So many different shades and only one hue to name them.

Some people have large groups of friends, people they genuinely enjoy being around. I’ve been known to envy this. For my own part, my friendships tend to be close, intense. Too uncomfortable for some. And my true friends need to be of hardy stock.

In my mind I know what kind of friend I mean when I use the word. It’s like a volume switch in my brain. When I think of a true friend, my heart beats loud and strong as a lioness.

Pier to Pier race

Another Sunday, another run and for me the second running of this point to point race. Last year I found it hard. It was the furthest I’d ever run at that point. I got confused and fretful about the runners peeling off in different directions, I forgot to start my Garmin and the finish line on the soft sand was an absolute killer. So I was surprised when I checked to see last year’s time was 1 hour 4 mins. That wasn’t too shabby.

Race preparation as normal this morning. Porridge,banana, blueberries and honey. A choice of tops in my kit bag, along with safety pins, water and emergency cash. I’m looking forward to htis one, not to anxious, ready to roll. At Roker I park up and ponder what to wear and what to take. It’s not too cold, so I opt for a short sleeve T-shirt  remembering how cold it was at the Tees Barrage a couple of weeks ago and how quickly I warmed up.

As I wait for the minibus to the start I chat to Grace from Sunderland strollers, layered up to cover any eventuality with the weather. We talk training, marathons, expectations and hopes. It seems a long way to the start line on the bus.

But the sun is shining, it’s not too cold, and although grey clouds threaten the blue skies, I’m confident it’s going to be kind weather for a run.

In the car park I’m spotted by Lisa and Jason, a couple I met at the Tees Barrage race a couple of weeks ago . Jason’s on race duty today and we swap time predictions before heading off for a warm up. We’re chatting away, just ticking over, it becomes a bit of a gallop to get to the start line. Certainly the latest I’ve ever left it. But that’s nice. Legs are warmed through, nerves quelled and there’s little time to think about anything as we head off over the sand.

Keeping it steady as I head across the beach, streams of runners surging ahead. One of the nicest things about this race is the space at the start. I’m pretty free and easy, not stumbling over slower runners right from the word go. I weave my way across the sands, for some reason heading down the beach towards the sea, sploshing through puddles and not finding the sand too taxing, but being wary of burning myself out.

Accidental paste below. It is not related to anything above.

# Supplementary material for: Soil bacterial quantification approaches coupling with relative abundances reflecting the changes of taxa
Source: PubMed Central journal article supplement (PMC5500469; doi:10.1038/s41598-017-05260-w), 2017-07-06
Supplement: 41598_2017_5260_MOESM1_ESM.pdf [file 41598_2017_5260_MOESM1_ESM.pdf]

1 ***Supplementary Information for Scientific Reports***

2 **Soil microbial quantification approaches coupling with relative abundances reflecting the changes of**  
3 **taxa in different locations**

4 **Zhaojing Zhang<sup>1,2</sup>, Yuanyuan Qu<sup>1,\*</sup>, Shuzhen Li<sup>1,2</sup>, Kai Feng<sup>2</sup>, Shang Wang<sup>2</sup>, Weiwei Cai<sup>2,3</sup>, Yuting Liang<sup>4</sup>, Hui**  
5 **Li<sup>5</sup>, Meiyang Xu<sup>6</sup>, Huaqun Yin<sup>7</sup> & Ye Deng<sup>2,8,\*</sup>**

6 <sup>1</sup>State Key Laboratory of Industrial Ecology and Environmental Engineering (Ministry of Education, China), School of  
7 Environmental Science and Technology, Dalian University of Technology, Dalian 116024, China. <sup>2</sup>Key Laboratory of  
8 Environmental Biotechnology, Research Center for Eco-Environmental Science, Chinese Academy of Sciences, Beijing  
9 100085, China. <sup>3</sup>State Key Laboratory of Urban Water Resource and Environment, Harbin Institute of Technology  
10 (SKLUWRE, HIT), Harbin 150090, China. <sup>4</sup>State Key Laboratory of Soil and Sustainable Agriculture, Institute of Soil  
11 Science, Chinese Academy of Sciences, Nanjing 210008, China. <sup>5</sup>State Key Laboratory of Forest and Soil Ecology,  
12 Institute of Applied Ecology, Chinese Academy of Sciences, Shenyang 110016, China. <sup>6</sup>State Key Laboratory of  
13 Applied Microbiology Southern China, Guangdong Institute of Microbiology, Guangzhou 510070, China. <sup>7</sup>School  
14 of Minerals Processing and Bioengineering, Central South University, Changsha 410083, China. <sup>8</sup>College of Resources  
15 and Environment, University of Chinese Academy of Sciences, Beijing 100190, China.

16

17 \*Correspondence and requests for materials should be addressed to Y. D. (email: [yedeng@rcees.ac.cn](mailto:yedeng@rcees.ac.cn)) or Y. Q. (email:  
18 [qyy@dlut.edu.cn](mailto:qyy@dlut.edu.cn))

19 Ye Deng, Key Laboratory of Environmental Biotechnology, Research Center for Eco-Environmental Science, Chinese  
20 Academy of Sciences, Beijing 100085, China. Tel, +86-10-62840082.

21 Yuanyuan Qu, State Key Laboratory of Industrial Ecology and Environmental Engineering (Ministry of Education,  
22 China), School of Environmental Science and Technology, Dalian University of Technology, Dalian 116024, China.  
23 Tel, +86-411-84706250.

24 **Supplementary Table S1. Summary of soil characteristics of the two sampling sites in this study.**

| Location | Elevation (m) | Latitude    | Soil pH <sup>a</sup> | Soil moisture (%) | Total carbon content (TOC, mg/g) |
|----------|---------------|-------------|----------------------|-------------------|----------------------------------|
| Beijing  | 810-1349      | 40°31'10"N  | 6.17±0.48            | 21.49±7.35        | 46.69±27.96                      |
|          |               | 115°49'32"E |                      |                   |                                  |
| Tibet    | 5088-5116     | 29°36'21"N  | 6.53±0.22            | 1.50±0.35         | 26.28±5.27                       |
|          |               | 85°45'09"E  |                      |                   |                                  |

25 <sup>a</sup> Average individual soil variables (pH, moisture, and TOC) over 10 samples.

Then there’s the hill and it’s a touch climb up the shifting sand. A short straight and another climb. 1 mile down and my legs begin to protest and it’s hard to get them turning over quickly again at the top. But now we’re away across the cliff tops on marked out trails and short cut grass, and I can stretch out, feeling good, feeling strong, smiling into the sunshine.

Once again I’m hit by pain running from the top of my right shoulder up my neck. This never strikes me in training, but it’s hit me in three races now. It’s not even that cold today, so I can’t blame that. I raise a hand to add some warmth and ease it, remind myself that it will pass, just like it has before.

After a bit of focus on me and getting my head straight I start to look ahead and target runners to catch. A couple of times I pass someone, only to have them come back at me moments later, but now I’m in my groove and I push on and forwards and make up the distance again.But this is a good bit, I’m relaxed, stretching out, pushing on, catching runners. I pass a red Blaydon T-shirt and gradually, gradually target a girl with a long sleeve blue shirt. It takes me a while to catch up with her, but I overtake and keep going.

The sun beats down on the dry grass as I look ahead to see the distinctive red and white of Souter lighthouse in the distance. I promise myself water when I reach the water station. I’m in a nice rhythym now, it seems a shame to slow for water, but I sense that today I need it. I make myself drink it, not just wet my lips. Slowing for water means some of those I’ve fought to overtake go past me, but I’m feeling refreshed and push on again.